Q: Was the vulnerability the main reason to discontinue the MF3ICD40 product?

A: NXP announced the discontinuation of MF3ICD40 in June 2010 – several months before the company was informed of the vulnerability. Originally launched in 2002, the MF3ICD40 reflected the standard and market requirement at the time. We take an evolutionary approach in our product lifecycle management, constantly improving our existing products. While the underlying product platform is upgraded in terms of its performance and security needs foreseeable in the future, at the same time we ensure that the current infrastructures in the field can adopt the new product without major upgrade. In this way, our customers can take advantage of the new technology within the new product with minimum or no additional investment into the infrastructure.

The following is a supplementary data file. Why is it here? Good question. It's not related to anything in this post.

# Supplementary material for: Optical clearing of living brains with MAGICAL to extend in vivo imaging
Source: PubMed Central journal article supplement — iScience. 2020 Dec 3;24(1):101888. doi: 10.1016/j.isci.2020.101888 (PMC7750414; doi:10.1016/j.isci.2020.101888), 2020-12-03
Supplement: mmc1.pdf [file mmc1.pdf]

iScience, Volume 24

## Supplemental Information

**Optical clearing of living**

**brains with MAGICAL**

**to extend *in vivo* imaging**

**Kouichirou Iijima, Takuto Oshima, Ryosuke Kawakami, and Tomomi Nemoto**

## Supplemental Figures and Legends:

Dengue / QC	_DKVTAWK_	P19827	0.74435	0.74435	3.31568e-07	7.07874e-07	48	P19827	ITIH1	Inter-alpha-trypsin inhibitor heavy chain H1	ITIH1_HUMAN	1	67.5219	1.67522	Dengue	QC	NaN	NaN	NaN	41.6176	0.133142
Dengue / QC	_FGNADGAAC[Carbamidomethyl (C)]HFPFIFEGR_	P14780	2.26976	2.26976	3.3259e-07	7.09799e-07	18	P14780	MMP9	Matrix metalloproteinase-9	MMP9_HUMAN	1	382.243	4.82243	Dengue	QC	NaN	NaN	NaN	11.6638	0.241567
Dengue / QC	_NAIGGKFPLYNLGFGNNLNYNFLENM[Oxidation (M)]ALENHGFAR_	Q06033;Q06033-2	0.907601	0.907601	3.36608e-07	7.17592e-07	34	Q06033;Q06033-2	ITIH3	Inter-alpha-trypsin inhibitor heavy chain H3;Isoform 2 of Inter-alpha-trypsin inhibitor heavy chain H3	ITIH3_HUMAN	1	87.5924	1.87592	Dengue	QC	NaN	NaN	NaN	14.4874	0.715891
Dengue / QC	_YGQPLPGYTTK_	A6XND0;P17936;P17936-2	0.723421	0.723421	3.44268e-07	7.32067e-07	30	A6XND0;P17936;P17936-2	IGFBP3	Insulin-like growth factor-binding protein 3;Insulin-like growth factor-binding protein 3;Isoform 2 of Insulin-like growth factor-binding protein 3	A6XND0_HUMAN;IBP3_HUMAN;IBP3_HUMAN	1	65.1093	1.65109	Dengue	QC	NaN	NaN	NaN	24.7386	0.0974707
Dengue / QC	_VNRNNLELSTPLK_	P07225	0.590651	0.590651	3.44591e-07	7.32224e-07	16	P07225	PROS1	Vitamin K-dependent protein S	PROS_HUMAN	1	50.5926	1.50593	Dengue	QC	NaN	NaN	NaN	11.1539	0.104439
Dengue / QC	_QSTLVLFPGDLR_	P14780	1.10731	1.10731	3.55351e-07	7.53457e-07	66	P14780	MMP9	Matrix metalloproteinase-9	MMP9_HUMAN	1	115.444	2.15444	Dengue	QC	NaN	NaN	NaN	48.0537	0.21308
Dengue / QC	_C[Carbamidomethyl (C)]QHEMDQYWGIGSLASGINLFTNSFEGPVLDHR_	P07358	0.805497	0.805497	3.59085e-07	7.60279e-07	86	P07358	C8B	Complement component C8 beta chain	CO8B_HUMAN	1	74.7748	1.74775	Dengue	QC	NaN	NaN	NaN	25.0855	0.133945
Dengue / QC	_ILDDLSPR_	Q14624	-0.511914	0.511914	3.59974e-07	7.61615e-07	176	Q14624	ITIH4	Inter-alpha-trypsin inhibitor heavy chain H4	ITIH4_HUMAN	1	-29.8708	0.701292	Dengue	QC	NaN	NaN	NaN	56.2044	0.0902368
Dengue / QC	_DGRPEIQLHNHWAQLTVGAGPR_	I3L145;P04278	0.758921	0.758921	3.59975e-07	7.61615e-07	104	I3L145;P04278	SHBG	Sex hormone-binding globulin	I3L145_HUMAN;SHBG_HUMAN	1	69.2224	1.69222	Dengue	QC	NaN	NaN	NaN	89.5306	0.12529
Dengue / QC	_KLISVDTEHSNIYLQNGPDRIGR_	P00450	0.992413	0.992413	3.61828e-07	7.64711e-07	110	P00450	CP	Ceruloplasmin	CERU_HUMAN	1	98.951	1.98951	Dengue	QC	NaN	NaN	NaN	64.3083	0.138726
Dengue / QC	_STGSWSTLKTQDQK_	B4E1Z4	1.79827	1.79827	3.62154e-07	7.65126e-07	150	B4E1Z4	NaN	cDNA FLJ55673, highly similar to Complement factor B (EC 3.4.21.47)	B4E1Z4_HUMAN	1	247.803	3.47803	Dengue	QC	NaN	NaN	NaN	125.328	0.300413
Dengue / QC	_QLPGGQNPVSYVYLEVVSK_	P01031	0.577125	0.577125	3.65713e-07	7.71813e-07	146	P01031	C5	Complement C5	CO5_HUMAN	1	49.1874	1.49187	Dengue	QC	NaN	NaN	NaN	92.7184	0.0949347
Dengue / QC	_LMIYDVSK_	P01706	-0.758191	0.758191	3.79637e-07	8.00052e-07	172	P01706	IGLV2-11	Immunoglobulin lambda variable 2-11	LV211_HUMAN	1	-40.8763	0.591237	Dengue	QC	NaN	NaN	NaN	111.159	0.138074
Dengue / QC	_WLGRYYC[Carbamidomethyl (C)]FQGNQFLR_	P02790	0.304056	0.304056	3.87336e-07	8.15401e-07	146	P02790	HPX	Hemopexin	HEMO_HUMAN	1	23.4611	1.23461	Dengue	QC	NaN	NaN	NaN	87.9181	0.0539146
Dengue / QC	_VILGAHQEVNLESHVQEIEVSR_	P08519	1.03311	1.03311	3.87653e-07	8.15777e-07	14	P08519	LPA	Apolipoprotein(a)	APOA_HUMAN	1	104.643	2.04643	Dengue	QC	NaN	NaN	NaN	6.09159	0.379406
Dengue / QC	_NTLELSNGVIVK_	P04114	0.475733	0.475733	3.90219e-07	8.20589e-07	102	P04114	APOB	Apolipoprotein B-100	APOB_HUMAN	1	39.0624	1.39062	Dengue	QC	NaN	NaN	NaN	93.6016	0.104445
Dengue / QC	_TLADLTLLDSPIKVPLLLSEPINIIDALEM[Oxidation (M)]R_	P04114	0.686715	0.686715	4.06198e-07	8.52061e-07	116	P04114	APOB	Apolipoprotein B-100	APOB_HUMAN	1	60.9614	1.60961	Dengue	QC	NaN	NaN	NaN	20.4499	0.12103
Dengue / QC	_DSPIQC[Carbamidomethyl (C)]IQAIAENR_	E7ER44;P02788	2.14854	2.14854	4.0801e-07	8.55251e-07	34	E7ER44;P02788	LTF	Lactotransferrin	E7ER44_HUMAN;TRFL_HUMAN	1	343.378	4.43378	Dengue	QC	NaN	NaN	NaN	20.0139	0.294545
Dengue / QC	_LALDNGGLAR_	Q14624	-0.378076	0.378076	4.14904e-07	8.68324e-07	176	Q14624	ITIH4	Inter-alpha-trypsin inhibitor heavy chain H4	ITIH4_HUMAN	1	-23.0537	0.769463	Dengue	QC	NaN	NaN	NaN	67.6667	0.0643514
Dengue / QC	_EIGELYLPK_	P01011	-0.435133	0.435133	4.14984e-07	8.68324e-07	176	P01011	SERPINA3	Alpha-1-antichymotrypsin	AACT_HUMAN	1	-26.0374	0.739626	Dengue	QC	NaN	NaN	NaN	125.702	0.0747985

In 2008, the MIFARE DESFire EV1 product family was launched, integrating a number of technology innovations at NXP and supporting our ambition to create a product line which includes industry-leading security features. The MIFARE DESFire EV1 is backward compatible with existing MF3ICD40 infrastructures, enabling a seamless future-proof migration path.